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Keywords: tooth-rake marks, social interaction, prey interaction, dolphin, agression, trauma

Citation: Puig-Lozano R, Fernández A, Saavedra P, Tejedor M, Sierra E, De la Fuente J, Xuriach A, Díaz-Delgado J, Rivero MA, Andrada M, Bernaldo de Quirós Y and Arbelo M (2020) Retrospective Study of Traumatic Intra-Interspecific Interactions in Stranded Cetaceans, Canary Islands. Front. Vet. Sci. 7:107. doi: 10.3389/fvets.2020.00107

Received: 15 November 2019; Accepted: 12 February 2020;
Published: 28 February 2020.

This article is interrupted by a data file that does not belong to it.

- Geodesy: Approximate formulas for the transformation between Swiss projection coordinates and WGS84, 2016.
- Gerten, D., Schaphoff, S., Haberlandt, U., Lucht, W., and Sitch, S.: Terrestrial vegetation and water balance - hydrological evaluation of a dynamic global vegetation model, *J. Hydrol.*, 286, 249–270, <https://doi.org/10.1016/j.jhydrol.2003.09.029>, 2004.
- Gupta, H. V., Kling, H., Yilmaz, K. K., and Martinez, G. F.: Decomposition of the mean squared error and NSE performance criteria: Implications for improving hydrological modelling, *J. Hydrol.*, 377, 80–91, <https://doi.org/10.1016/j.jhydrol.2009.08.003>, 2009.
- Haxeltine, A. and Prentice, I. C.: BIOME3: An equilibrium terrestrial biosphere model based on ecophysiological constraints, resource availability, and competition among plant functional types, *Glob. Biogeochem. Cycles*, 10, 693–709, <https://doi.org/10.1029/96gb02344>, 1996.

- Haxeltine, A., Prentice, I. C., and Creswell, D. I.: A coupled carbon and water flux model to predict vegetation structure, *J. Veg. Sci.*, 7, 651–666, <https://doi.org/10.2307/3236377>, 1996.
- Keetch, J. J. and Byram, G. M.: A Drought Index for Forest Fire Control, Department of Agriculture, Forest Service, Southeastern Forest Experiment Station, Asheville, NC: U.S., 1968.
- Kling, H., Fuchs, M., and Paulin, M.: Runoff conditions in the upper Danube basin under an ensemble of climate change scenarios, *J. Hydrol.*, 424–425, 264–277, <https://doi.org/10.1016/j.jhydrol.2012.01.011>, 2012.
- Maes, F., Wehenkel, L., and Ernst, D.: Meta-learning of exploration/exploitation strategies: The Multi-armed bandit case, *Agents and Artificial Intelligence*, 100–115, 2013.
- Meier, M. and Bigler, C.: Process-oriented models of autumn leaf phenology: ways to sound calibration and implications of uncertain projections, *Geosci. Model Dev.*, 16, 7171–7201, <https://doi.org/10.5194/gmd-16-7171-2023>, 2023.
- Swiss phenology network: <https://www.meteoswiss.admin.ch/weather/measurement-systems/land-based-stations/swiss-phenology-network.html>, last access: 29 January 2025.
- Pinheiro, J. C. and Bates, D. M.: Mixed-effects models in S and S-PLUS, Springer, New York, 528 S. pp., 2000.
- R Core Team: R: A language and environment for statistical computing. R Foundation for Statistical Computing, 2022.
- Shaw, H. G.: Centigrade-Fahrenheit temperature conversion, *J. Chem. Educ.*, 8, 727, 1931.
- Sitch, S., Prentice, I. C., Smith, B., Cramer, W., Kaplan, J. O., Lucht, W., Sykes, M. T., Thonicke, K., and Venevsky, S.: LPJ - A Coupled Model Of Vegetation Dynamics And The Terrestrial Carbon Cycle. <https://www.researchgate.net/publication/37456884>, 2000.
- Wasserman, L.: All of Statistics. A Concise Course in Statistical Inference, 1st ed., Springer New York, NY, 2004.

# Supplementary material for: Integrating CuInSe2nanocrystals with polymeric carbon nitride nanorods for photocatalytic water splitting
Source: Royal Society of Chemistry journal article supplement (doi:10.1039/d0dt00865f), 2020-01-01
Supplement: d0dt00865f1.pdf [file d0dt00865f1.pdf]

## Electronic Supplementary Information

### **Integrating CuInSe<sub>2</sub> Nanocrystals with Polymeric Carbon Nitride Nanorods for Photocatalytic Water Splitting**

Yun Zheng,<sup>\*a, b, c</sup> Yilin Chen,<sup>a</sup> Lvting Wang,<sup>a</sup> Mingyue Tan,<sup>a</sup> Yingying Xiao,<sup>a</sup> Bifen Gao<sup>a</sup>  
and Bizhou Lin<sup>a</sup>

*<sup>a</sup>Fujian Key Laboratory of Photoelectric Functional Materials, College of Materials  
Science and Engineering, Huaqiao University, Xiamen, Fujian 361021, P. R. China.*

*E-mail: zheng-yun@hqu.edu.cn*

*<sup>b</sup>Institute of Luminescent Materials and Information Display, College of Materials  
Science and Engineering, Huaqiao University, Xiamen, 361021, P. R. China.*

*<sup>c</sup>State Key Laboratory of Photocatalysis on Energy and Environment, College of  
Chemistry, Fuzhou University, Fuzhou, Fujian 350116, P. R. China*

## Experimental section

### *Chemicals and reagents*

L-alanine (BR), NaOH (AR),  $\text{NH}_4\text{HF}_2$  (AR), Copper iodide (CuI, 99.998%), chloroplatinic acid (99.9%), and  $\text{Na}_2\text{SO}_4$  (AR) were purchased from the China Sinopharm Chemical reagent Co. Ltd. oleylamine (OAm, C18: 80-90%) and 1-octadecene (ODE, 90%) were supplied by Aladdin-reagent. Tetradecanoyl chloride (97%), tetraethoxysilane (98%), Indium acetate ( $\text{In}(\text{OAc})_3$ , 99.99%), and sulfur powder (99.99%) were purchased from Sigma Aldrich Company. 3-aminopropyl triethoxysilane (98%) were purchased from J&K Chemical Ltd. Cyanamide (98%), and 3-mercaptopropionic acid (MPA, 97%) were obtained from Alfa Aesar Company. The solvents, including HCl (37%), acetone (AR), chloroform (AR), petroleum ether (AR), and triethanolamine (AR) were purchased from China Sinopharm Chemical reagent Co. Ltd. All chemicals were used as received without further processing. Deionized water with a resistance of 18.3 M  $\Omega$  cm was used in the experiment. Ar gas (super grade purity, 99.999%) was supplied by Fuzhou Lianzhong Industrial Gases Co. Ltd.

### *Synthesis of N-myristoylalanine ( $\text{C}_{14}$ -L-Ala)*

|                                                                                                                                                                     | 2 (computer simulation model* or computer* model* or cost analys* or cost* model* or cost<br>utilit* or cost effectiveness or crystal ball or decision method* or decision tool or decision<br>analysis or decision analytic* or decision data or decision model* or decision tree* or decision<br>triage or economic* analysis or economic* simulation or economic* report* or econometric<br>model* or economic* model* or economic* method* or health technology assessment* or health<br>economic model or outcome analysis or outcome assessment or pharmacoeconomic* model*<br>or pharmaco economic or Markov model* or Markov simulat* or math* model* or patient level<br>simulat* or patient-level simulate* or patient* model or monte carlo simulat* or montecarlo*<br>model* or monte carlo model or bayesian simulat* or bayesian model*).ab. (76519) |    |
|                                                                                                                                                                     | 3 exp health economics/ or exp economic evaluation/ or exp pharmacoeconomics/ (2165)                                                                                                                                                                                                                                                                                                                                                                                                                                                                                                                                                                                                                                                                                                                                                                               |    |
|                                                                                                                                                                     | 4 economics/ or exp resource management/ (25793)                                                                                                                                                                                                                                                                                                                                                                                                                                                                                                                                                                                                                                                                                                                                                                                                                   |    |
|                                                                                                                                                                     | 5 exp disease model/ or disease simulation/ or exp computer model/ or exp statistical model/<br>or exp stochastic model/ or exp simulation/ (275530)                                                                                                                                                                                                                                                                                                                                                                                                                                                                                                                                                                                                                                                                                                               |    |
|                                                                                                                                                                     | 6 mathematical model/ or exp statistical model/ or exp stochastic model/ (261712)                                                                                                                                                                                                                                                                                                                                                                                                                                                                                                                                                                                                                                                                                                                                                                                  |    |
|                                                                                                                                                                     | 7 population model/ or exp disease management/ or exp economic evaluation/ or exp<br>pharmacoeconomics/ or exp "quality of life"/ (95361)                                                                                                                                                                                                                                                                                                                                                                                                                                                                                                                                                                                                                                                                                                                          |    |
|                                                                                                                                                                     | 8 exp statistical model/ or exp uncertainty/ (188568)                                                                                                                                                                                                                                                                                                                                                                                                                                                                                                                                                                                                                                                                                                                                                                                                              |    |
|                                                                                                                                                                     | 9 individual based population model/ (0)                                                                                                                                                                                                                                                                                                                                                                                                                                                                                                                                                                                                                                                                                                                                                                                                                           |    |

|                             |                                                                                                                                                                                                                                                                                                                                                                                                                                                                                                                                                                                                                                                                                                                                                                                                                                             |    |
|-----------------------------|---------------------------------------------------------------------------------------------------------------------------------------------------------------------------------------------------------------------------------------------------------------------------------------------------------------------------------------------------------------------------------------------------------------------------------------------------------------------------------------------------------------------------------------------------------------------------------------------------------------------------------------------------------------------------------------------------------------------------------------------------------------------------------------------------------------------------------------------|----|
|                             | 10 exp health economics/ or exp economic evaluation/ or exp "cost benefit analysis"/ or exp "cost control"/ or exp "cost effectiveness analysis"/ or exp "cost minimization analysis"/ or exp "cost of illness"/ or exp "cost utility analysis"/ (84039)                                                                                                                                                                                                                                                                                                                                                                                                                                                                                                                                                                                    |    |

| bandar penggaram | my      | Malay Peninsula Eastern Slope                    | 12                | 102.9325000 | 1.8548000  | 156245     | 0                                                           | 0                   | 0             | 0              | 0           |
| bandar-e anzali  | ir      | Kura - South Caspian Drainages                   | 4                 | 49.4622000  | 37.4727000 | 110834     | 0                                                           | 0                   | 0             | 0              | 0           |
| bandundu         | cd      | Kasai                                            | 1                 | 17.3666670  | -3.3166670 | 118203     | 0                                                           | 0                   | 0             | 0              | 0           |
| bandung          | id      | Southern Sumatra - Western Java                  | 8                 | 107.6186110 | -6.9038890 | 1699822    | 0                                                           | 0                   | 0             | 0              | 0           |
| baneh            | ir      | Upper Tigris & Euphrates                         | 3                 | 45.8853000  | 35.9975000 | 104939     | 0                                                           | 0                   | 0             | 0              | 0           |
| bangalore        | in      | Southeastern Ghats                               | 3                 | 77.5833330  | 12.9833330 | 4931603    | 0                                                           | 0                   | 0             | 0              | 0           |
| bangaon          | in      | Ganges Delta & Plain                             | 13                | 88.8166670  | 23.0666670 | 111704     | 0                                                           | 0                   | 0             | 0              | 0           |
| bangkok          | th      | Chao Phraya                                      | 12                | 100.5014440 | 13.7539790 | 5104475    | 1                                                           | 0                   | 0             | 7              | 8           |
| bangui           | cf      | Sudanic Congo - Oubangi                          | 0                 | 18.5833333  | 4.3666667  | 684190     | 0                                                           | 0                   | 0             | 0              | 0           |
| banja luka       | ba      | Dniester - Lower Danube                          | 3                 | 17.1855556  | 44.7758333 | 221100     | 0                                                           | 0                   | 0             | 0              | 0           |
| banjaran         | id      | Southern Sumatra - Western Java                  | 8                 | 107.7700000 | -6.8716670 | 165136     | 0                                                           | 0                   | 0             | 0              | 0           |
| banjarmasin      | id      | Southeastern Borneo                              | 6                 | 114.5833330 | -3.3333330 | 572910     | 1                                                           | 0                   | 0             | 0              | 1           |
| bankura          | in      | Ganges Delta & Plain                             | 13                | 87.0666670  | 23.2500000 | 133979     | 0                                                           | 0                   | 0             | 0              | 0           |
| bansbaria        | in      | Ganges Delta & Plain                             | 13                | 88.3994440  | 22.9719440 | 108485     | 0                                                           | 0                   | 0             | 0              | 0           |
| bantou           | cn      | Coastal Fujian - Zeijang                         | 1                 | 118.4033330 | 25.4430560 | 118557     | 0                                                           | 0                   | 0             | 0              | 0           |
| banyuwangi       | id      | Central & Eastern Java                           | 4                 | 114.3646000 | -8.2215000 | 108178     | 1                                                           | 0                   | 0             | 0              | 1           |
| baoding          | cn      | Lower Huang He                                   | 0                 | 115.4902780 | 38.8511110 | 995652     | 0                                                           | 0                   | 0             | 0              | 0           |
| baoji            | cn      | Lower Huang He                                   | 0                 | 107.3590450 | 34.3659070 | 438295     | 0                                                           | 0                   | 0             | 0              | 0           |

Edited by:

Stephen Raverty, Animal Health Center, Canada

Reviewed by:

William McLellan, University of North Carolina at Wilmington, United States
Alex M. Costidis, Virginia Aquarium & Marine Science Center, United States

Copyright © 2020 Puig-Lozano, Fernández, Saavedra, Tejedor, Sierra, De la Fuente, Xuriach, Díaz-Delgado, Rivero, Andrada, Bernaldo de Quirós and Arbelo. This is an open-access article distributed under the terms of the Creative Commons Attribution License (CC BY). The use, distribution or reproduction in other forums is permitted, provided the original author(s) and the copyright owner(s) are credited and that the original publication in this journal is cited, in accordance with accepted academic practice. No use, distribution or reproduction is permitted which does not comply with these terms.

*Correspondence: Yara Bernaldo de Quirós, yara.bernaldo@ulpgc.es